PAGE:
Just Announced: Philippians Sermon Series

Summary: God will give us the strength and desire to let go of the things that hinder us from serving Him. If we follow Him, He will bless us spiritually. In order to be first with God, we have to be last in the eyes of the world.

Let's take a walk down memory lane for a moment. Some of you, especially the older members of this congregation, may remember a famous comedian named Flip Wilson. He had a weekly TV comedy show back in the 70s, and one of his favorite characters was a preacher named Brother Leroy.

In one skit, Brother Leroy was leading services one Sunday morning. It wasn't going very well. People weren't very responsive. It came time to receive the offering and so Brother Leroy passed the collection plates. They came back empty. So he passed them again. Same thing. Empty. Brother Leroy then went before the people and said, "Now, I know that you all want this church to progress. This church must progress." No response from the congregation. Brother Leroy shouted a bit louder: "Now, before this church can progress it has to crawl, this church has got to crawl." And the congregation started getting excited and they yelled back, "Make it crawl, Reverend. Make it crawl!" Brother Leroy continued, "After this church has crawled, it's got to pick itself up and start to walk, this church has got to walk!" And the people yelled back at him, "Make it walk, Reverend. Make it walk!" "And after this church has walked, this church has got to get up and run, this church has got to run." And the people were worked up into a terrible frenzy, and they hollered back: "Make it run, Reverend. Make it run!" And then Brother Leroy said, "Now, brothers and sisters, in order for this church to run, it’s gonna need money, it’s gonna take money for this church to run!" And the people yelled back, "Let it crawl, Reverend. Let it crawl!"

The congregation in this story has something in common with the rich young ruler in tonight’s Gospel reading. Both of them were asked to give up something that meant a lot to them in order to gain something more important, and both of them were reluctant to give up that one thing that was important to them. A similar situation exists with many people today. Those who have abundance in this world sometimes find that their abundance is a roadblock on the road to salvation. They are not always prepared to suffer for Christ when and if it is necessary. The rich young man was not prepared to do that. He was like many of us in that he wanted the benefits, but he didn't want to pay the costs. In other words, he wanted something for nothing.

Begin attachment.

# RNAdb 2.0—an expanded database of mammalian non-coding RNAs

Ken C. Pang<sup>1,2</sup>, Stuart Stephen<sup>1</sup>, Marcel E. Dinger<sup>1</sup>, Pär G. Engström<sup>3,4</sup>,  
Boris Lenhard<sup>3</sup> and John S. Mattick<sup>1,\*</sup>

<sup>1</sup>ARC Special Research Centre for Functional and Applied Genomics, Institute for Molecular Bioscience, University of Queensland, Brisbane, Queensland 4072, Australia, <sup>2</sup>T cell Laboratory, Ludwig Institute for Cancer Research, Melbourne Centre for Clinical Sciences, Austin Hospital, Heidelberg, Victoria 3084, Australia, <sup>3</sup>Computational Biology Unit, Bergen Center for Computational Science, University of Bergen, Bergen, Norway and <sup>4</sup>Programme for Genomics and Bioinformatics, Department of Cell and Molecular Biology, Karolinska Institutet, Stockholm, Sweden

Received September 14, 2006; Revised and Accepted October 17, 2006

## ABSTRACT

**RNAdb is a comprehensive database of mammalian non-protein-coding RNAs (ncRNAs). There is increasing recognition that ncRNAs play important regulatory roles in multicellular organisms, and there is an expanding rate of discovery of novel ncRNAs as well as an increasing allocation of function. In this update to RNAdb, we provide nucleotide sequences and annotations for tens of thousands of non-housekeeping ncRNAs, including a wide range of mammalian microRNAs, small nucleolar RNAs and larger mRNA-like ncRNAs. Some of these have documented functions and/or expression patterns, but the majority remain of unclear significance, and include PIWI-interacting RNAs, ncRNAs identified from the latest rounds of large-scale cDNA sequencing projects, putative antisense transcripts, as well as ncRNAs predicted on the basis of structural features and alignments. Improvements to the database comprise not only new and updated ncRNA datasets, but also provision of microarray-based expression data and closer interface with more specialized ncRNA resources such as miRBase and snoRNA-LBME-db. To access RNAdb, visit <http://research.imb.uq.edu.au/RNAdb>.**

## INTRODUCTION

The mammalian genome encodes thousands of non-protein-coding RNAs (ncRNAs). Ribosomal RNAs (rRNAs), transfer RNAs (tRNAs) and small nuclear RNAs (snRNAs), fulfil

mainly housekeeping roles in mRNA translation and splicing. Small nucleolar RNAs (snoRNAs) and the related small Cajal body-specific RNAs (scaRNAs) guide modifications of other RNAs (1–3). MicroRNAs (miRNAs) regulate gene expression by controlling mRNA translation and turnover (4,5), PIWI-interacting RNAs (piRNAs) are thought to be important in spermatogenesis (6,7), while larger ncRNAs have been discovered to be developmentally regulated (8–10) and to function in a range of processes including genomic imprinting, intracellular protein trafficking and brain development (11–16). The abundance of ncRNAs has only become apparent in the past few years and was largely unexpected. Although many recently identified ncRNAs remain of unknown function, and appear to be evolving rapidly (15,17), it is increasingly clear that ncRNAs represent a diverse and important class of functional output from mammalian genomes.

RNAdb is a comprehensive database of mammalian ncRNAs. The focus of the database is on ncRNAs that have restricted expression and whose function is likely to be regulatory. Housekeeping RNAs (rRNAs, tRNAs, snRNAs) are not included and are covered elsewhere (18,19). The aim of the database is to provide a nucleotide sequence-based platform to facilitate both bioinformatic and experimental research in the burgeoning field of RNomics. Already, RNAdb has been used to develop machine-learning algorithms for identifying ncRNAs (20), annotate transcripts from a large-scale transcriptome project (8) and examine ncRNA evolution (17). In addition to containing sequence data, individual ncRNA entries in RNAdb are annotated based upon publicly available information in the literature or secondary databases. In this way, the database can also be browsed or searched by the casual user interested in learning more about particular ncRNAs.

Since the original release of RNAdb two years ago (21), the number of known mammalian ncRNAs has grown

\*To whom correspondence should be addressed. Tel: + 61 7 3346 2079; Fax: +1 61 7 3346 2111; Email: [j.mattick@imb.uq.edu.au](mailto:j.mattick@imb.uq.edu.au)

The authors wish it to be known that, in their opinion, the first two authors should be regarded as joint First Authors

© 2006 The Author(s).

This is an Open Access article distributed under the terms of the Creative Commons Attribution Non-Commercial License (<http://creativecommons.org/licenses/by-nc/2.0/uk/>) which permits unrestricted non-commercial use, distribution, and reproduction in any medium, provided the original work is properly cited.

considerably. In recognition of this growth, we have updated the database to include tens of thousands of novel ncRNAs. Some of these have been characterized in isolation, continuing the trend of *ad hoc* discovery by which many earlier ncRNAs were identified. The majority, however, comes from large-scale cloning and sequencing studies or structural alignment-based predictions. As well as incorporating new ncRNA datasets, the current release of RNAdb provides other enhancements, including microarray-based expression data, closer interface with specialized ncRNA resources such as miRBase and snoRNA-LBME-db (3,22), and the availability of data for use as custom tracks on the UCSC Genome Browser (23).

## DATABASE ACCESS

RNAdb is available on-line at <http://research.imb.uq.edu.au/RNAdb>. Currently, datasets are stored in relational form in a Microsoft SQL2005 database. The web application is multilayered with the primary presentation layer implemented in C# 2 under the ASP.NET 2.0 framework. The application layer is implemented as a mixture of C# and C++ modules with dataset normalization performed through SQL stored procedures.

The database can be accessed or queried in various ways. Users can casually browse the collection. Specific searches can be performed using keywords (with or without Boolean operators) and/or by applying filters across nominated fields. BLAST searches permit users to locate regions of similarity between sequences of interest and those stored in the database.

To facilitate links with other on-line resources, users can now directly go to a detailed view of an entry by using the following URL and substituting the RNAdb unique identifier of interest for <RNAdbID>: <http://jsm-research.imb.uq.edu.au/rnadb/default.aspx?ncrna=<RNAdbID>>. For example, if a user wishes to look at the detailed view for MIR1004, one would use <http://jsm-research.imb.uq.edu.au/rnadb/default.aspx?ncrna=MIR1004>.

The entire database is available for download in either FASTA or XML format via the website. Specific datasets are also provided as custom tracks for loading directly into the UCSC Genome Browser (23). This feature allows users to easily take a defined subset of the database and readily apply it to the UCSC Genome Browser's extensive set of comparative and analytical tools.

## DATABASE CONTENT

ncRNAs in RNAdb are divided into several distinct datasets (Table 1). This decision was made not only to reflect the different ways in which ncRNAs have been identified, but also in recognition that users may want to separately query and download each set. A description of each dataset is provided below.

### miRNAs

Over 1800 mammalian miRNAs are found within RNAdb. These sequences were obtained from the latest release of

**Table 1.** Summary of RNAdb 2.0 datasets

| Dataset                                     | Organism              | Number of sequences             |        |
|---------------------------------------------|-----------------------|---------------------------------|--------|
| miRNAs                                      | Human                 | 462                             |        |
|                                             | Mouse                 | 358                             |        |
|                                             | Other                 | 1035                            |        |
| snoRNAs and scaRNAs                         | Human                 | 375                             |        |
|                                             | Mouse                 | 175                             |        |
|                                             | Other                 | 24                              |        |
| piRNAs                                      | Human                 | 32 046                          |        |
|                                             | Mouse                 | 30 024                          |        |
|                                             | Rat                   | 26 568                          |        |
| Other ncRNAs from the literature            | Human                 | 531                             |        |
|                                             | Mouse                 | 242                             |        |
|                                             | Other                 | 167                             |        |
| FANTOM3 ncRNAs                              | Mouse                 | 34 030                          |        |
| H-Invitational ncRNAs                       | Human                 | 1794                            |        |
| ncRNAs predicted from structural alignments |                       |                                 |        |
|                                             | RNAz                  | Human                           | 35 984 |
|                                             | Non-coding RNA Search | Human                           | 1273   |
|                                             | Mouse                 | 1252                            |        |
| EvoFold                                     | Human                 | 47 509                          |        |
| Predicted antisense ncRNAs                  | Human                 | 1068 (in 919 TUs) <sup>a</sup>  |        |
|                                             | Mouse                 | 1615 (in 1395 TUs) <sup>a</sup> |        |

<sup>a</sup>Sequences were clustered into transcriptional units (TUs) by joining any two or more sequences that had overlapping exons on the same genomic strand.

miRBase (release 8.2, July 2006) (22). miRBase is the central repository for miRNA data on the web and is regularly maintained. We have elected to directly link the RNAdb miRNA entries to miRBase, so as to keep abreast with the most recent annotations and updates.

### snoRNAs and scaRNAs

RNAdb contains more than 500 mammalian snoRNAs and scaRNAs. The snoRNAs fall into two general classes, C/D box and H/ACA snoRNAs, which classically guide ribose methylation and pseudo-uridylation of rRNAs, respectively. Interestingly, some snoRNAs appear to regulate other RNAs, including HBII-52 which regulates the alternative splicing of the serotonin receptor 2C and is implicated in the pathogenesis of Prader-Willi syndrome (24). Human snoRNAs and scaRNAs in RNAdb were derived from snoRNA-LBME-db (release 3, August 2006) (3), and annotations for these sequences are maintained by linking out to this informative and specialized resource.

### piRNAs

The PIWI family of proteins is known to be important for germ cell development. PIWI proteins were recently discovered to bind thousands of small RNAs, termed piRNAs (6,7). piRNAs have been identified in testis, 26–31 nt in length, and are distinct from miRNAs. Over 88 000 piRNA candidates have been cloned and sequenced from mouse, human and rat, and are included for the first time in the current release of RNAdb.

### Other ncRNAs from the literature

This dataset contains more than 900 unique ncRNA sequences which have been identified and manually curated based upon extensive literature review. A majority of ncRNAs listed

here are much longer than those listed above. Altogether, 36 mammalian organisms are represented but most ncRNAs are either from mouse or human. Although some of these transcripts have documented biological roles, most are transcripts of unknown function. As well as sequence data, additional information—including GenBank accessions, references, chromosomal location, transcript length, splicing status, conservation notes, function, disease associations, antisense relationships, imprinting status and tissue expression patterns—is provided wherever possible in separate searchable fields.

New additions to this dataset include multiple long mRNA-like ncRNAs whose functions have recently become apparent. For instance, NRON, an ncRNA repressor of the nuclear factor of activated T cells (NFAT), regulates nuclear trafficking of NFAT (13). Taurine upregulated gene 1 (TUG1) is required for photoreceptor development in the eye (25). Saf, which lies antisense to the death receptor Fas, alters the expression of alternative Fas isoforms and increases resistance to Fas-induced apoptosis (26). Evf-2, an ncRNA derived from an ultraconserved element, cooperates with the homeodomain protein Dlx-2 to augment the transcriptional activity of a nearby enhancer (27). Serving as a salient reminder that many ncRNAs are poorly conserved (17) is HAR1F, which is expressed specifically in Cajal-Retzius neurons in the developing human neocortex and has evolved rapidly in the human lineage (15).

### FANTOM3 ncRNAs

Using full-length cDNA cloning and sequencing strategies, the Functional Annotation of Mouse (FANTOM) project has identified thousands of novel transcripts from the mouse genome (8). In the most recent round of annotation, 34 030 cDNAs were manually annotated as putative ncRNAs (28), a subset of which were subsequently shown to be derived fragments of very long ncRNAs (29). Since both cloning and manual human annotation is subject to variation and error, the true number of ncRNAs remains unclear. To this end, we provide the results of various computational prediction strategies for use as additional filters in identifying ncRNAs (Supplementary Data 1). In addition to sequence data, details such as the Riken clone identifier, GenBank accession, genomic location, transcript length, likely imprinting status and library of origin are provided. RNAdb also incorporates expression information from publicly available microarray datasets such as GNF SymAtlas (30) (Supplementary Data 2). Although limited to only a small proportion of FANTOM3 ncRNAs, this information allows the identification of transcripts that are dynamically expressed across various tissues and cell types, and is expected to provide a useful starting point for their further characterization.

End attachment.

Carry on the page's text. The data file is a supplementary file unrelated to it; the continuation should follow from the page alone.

Sometimes giving something up is our choice, and sometimes God forces us to give something up. The rich young man wasn't prepared to give up what he had for the sake of Christ. How many of us are in the same situation today? How many of us are willing to give up what we have in order to follow Christ? For example, when we give our offerings, are we giving because we want to, or because we feel that we HAVE to? Do we give willingly, or do we give grudgingly? Do we tithe regularly? Failure to tithe is the same as robbing God. Spiritual life is not a matter of bookkeeping.

Most of the time, fasting for Lent involves food. In modern times, other forms of fasting have emerged. For example, many younger followers are giving up things such as Facebook or text messaging. By doing so, they are showing that we do not have to be slaves to things. It allows us to get back in control of our lives.

Someone once said that “Subtraction plus addition equals multiplication”. During this season of Lent, Christ calls us to give up more than just things. We are also called to give up habits or traditions that keep us from following him. He calls us to give up traditions, habits or ways of thinking that keep us from fulfilling His will or following Him in faith, or that interfere with our relationship with him. For example, is it REALLY necessary to have Eucharist on special occasions like Christmas or Thanksgiving? Does that “tradition” bring us closer to God, or is it just a “thing’ that we don’t want to give up? When we give up something, we must add something to our spiritual routine, whether it is more involvement with the church, more time spent in studying the Bible, or more time in private prayer.

By giving up things in this life, and following Christ in faith, we will gain MUCH more in heaven. Sure, by following Christ we will have to pay a price. We may lose our friends, our families or our jobs. In some parts of the world, Christians can lose their lives for their faith. These are just “things” that we give up when we suffer short-term pain by following Christ, but this short-term pain leads to long-term gain-namely, eternal life in heaven. We might lose our earthly family and friends, but we will gain a NEW family of fellow believers. This ultimate reward is much, much greater than the pain we have to suffer in this life.

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